A recent Wall Street Journal article, titled “Want To Be Tech Savvy? Do not Ask Your Kids,” exposes a harsh reality. Family members are not a reliable source for technical support. This is not to cast aspersions on your loved ones or to judge their ability.
Stop blaming your visual impairment for the emotionally charged exchanges with the geek you love. Let’s be clear — tech support is best administered by a neutral party. Your offspring can be impatient or make fun. It can be a frustrating, aggravating experience.
Today’s tech is not for the young, it’s for everyone. When it’s well designed and user-friendly, technology knows no bounds. Age should not be a barrier. The true test of great universal design is its adoption by young and old alike. The aging population can well benefit from the focus on social, communication, finance, health and fitness as much, or more, than any other age group.
The move to mobile touchscreens has opened the gates of access. That means we do not have to buy “special devices” because of our age or our eyesight. The most popular smartphones and tablets do not discriminate — they are designed to benefit all of us.
Do not be deterred by a bad encounter with the family genius. Do not give up. It is well worth your effort to stay connected. Learning new technology is a great way to exercise your brain and keep it sharp.
Here are some places you can find the tech support you need to nourish the nerd within.
- Public Library – More and more libraries are offering free tech support and training programs. They may have regularly scheduled classes and even individualized help administered by qualified volunteers. Contact your local library today and inquire.
- Apple – The Apple Stores offer free personal set-up, numerous workshops scheduled daily, Genius Bar to help you solve issues or fix problems, and Accessibility Support 24/7 by phone at 877.204.3930 for people with visual, hearing, learning and physical impairments.
- YouTube.com – Video tutorials are utilized by people of every age. Search your topic and find a variety of “how to” videos on the subject. If the first video doesn’t suit you, another will immediately follow. Watch, pause, rewind, as needed. You’ll even find tech tutorials specifically for Seniors.
- Microsoft – Microsoft Stores offer technical support and personal training for a fee under Microsoft Complete hardware protection plans, and the Microsoft Disability Answer Desk is available by phone at 800.936.5900 to support customers with vision loss (free of charge).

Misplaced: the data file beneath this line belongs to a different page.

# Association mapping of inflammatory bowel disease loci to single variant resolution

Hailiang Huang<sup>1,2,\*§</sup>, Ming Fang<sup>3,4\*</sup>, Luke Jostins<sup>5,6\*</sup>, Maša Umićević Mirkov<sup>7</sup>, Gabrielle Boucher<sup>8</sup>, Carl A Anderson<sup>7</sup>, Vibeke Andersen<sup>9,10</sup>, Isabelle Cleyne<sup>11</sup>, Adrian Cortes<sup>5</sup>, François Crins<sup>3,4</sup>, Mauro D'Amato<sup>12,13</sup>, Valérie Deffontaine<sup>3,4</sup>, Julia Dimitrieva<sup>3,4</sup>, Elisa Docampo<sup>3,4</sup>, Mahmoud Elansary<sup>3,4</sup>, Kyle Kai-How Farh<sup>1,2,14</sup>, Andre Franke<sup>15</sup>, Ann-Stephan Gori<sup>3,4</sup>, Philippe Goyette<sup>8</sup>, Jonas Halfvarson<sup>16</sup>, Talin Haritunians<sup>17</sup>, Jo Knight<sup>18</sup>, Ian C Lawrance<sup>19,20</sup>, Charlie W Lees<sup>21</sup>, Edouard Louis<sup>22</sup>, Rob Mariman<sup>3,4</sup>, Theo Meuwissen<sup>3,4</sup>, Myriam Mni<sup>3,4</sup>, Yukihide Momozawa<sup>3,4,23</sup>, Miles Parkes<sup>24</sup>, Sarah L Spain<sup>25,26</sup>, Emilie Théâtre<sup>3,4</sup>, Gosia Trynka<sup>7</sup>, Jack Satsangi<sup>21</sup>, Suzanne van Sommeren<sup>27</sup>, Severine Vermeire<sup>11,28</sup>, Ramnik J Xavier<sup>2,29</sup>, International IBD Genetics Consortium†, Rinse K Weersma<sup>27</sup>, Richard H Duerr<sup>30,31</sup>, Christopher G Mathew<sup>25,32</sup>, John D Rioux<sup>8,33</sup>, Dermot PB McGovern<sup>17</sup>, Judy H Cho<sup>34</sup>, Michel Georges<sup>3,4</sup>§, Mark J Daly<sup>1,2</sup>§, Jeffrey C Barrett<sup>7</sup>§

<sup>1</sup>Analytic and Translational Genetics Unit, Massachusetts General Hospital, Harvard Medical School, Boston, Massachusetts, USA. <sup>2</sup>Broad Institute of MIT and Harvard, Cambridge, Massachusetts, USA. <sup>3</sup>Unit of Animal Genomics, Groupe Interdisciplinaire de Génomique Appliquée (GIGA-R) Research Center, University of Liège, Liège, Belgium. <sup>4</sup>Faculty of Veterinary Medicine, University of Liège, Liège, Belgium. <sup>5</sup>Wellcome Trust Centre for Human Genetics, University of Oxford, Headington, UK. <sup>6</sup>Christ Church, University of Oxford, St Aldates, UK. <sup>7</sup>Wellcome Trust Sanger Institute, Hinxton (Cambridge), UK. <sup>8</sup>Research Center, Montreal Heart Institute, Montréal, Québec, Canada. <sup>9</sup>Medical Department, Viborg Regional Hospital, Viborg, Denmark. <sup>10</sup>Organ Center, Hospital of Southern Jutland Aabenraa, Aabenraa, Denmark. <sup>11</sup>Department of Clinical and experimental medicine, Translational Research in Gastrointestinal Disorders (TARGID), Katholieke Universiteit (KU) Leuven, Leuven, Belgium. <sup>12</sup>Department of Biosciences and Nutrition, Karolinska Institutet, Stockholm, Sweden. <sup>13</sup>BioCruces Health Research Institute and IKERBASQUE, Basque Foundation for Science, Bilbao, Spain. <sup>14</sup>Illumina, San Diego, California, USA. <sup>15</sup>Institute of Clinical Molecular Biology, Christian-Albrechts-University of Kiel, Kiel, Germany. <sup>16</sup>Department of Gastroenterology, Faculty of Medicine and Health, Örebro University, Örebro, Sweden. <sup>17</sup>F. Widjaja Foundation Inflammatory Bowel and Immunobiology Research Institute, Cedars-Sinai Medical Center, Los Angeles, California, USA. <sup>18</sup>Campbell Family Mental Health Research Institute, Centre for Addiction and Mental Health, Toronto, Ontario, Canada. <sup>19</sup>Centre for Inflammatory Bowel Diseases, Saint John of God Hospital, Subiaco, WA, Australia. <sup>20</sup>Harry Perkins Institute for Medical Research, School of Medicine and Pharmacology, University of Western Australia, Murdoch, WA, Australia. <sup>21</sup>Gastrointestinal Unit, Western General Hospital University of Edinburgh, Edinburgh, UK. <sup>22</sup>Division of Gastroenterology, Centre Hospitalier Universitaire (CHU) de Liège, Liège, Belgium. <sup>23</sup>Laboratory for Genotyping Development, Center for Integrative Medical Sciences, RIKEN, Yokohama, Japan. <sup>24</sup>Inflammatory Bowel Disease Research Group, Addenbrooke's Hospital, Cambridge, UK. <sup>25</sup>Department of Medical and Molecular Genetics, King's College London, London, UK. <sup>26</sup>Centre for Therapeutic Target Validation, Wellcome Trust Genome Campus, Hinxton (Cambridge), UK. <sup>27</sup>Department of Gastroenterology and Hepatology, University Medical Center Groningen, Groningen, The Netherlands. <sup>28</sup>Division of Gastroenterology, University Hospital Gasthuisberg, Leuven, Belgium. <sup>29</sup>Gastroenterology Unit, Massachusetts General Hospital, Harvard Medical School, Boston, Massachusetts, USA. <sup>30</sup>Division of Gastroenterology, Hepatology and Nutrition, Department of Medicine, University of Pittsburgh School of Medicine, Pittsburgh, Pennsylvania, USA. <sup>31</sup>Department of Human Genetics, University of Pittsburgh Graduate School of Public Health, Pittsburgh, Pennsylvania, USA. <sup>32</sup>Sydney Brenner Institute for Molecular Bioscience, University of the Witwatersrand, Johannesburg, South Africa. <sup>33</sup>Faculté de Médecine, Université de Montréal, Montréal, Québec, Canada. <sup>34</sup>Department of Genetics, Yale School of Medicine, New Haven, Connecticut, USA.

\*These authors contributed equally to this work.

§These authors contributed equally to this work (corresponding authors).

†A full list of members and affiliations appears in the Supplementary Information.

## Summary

- Senior Centers – Senior centers are offering more in the way of technology support and training as well. Contact your local center and ask about their offerings. In this setting, you’ll be learning from and with your peers.
Before you begin to expand your horizons, here are a few tips that can help you ease into the learning process with realistic expectations.
- Focus on learning one thing at a time. Classes and workshops may cover more elements than you can absorb in one session. Be happy to learn a couple of new things each time and come back for the rest later.
- Know the key to successful learning is rooted in repetition. You don’t learn to do something on the first try. Repeat it 20 times and suddenly you are the master. Learning to navigate a touch screen is mostly about how many times you touch that screen every day. After a while, it’s just second nature — ingrained in your sense memory.
- A learning curve causes discomfort across the entire spectrum of age, whether your eyesight is good, or not. Keep things in perspective by allowing yourself credit for your successes.
Remind yourself with each new endeavor — you can do this!
Read “Want to Be Tech Savvy? Don’t Ask Your Kids” by Geoffrey Fowler on WSJ.cm
Article first published on September 1, 2017.
About the Author
Dorrie Rush is a Visual Accessibility Expert and progressive proponent for Universal Access and Inclusive Design. She is the former Director of the Grunwald Technology Center and Information Resource Service at Lighthouse International 2001 to 2016. Dorrie is known to have an eccentric view, which is particularly useful in compensating for her central vision loss from Stargardt Disease.